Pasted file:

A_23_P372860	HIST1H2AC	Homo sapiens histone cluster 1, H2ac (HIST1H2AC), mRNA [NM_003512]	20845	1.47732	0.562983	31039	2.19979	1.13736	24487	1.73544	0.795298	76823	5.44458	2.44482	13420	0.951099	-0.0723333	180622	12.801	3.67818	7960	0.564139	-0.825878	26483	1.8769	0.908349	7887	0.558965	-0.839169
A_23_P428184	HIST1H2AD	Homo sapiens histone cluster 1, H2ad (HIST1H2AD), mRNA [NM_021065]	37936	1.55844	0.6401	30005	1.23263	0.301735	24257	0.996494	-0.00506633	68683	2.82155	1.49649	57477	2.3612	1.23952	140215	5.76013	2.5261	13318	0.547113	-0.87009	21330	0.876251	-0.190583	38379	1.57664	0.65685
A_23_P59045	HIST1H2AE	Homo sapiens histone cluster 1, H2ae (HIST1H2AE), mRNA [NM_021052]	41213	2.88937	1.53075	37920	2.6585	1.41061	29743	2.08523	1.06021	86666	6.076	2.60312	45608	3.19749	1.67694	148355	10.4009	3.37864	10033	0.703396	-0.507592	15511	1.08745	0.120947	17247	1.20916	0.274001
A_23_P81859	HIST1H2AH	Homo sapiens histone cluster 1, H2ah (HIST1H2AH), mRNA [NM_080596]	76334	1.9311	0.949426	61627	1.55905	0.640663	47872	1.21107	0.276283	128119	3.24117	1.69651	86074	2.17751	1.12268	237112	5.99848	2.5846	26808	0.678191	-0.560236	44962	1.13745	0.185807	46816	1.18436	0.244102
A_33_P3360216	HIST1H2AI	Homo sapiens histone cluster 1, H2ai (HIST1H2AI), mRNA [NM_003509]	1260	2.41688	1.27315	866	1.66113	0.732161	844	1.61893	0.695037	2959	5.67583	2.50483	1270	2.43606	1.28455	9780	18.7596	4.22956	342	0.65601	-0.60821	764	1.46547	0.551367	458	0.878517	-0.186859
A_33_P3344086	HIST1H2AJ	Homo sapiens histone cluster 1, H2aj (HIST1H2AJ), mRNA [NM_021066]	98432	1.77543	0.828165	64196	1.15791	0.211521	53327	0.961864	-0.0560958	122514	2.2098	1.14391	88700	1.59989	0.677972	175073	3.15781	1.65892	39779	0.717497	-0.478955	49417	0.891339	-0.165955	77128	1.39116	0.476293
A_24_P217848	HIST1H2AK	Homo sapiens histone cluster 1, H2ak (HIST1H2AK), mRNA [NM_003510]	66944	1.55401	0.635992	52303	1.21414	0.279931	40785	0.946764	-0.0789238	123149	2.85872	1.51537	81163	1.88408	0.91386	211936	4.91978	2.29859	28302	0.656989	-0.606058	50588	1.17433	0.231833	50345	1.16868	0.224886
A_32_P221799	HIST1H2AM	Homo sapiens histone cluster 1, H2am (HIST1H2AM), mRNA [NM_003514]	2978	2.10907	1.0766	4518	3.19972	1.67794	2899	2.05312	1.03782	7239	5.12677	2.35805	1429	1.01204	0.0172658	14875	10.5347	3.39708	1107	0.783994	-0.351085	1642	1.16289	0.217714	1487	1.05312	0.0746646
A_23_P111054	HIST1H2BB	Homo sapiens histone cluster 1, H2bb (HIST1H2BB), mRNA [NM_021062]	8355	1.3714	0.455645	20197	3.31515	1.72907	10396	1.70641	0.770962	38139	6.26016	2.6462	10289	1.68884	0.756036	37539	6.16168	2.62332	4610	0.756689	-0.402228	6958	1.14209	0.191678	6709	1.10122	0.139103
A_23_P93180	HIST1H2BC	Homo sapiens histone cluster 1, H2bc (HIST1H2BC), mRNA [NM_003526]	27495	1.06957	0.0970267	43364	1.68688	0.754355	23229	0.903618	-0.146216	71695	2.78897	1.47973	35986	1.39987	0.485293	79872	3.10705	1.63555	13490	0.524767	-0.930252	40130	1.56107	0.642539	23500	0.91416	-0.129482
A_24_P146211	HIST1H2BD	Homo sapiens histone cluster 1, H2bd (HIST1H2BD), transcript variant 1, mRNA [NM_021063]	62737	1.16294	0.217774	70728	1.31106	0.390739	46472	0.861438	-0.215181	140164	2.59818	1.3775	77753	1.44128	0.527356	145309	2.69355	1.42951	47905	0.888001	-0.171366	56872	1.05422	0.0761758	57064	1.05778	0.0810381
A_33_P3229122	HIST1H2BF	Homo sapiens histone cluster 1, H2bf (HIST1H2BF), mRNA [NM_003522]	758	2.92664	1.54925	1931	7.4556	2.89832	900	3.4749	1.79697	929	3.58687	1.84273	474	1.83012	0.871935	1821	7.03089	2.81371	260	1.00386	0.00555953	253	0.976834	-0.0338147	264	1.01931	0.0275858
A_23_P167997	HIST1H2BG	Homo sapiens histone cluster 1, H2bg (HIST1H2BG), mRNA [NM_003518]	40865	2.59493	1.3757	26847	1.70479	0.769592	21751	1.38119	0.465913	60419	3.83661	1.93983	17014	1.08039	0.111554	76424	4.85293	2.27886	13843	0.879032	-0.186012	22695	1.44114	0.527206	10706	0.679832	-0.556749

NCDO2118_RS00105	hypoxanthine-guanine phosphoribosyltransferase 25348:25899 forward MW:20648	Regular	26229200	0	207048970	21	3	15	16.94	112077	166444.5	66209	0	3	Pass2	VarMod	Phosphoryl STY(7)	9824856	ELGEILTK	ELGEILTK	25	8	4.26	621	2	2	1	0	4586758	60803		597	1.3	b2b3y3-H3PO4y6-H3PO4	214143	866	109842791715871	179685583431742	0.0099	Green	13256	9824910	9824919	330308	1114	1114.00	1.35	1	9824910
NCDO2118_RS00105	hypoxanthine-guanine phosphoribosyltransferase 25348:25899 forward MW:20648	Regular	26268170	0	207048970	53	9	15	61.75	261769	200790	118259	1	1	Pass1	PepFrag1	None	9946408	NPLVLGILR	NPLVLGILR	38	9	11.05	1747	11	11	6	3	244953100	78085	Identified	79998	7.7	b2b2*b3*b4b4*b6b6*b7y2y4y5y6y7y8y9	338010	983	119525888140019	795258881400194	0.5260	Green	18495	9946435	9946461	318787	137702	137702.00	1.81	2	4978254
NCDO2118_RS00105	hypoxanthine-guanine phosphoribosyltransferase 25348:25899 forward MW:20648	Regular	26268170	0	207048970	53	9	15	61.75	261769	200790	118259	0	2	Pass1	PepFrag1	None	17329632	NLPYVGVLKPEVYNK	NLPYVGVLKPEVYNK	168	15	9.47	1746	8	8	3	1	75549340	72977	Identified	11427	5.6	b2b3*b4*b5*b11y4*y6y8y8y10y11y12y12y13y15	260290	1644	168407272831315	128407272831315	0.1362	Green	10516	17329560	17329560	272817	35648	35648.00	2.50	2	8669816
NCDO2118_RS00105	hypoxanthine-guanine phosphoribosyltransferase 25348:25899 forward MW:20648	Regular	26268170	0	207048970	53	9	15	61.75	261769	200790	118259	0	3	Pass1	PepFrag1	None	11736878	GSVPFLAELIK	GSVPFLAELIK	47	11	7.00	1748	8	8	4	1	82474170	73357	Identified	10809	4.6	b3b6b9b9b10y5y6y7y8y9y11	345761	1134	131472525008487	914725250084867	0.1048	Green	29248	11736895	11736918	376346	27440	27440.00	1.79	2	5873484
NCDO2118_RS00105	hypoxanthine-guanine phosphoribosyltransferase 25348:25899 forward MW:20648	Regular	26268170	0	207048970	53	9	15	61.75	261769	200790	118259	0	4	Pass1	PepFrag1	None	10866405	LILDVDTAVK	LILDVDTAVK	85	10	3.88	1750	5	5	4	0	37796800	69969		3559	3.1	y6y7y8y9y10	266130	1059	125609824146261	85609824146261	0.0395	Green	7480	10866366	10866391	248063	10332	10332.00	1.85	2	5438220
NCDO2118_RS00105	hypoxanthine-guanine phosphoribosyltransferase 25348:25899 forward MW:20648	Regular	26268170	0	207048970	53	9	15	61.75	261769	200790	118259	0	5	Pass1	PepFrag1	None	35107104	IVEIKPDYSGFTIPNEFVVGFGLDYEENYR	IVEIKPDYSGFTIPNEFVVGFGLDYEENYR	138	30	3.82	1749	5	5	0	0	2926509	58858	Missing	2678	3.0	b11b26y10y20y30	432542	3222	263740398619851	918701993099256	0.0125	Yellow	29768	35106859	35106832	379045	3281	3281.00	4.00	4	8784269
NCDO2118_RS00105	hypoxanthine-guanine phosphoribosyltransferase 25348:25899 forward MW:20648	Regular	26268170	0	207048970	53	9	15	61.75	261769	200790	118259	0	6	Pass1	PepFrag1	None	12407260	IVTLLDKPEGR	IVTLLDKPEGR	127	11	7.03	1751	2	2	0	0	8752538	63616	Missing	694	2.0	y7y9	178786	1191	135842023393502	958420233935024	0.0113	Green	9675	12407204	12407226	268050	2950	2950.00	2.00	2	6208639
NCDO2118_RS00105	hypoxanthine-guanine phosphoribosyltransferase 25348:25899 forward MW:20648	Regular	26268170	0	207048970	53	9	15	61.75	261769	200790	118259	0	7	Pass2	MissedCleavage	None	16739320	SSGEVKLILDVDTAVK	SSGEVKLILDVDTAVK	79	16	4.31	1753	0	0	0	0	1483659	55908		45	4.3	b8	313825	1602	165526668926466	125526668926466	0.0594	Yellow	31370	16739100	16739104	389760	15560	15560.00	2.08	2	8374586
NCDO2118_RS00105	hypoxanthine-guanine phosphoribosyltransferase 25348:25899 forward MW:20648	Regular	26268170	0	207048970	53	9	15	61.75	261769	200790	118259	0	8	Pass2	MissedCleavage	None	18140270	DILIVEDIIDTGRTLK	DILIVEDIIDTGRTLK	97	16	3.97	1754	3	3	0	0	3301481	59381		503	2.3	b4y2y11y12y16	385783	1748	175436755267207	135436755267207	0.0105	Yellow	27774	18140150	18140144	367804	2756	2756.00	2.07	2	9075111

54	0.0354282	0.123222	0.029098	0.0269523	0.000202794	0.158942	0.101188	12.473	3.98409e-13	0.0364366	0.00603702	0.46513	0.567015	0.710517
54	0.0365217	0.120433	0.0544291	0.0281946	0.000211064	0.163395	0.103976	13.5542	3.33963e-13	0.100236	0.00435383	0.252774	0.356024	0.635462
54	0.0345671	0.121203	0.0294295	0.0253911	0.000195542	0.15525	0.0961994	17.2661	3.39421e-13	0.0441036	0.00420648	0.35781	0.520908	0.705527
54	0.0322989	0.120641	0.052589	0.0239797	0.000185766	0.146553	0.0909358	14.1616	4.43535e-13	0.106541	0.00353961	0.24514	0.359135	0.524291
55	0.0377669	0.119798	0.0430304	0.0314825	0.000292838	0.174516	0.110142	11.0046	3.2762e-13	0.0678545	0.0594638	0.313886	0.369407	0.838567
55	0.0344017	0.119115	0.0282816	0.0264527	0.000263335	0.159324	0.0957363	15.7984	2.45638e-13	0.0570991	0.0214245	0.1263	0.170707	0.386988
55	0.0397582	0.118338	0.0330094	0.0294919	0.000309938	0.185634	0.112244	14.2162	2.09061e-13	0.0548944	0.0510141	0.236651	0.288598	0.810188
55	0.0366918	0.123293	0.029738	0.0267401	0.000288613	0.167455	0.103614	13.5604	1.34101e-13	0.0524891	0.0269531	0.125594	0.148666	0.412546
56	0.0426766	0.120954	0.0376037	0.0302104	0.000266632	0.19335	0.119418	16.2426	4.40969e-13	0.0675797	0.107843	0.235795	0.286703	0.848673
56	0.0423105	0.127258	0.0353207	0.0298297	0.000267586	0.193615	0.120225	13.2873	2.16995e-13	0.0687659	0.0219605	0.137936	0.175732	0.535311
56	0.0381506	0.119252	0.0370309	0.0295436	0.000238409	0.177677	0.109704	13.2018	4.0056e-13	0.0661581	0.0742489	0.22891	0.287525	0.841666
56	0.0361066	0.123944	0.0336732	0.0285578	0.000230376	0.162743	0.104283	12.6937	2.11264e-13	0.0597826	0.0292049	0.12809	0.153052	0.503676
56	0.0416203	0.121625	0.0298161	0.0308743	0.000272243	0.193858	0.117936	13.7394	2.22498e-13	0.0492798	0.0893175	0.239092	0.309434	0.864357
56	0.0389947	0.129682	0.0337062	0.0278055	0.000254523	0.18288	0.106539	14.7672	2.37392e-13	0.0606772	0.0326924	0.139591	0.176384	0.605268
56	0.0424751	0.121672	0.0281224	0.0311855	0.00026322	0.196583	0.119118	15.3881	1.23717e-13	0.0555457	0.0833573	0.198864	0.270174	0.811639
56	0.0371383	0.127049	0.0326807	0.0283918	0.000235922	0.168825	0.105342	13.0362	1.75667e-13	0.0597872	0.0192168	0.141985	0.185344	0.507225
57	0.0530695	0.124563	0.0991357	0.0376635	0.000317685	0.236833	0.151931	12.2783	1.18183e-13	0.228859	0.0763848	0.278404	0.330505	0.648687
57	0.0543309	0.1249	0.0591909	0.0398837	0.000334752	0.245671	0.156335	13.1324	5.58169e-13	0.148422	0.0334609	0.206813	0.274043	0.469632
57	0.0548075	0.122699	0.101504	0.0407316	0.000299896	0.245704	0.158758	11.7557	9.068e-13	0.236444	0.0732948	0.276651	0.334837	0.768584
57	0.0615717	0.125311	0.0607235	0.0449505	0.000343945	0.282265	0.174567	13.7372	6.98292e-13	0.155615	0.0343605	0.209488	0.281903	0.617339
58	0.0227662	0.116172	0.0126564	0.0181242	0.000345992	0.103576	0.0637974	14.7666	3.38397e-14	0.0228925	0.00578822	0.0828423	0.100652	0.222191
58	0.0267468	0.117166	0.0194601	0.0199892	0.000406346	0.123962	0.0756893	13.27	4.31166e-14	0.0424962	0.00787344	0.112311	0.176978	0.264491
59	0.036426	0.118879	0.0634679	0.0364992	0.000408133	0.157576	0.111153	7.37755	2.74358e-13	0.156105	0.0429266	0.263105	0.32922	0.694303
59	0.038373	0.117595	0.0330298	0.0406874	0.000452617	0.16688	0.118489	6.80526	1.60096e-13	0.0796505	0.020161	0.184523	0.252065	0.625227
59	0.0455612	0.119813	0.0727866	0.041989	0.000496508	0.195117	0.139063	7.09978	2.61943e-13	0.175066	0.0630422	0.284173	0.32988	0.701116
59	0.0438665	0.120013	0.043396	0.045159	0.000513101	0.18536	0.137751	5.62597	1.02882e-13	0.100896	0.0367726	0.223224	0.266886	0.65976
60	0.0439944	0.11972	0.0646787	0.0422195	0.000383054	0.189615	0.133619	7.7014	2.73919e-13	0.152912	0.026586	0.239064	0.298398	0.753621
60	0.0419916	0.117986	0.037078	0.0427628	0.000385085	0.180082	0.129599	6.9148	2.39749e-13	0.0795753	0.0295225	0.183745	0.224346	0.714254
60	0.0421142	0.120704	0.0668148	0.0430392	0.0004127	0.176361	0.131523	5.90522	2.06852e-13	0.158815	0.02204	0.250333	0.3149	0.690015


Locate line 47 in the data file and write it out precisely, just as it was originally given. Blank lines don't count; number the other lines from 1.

59	0.0455612	0.119813	0.0727866	0.041989	0.000496508	0.195117	0.139063	7.09978	2.61943e-13	0.175066	0.0630422	0.284173	0.32988	0.701116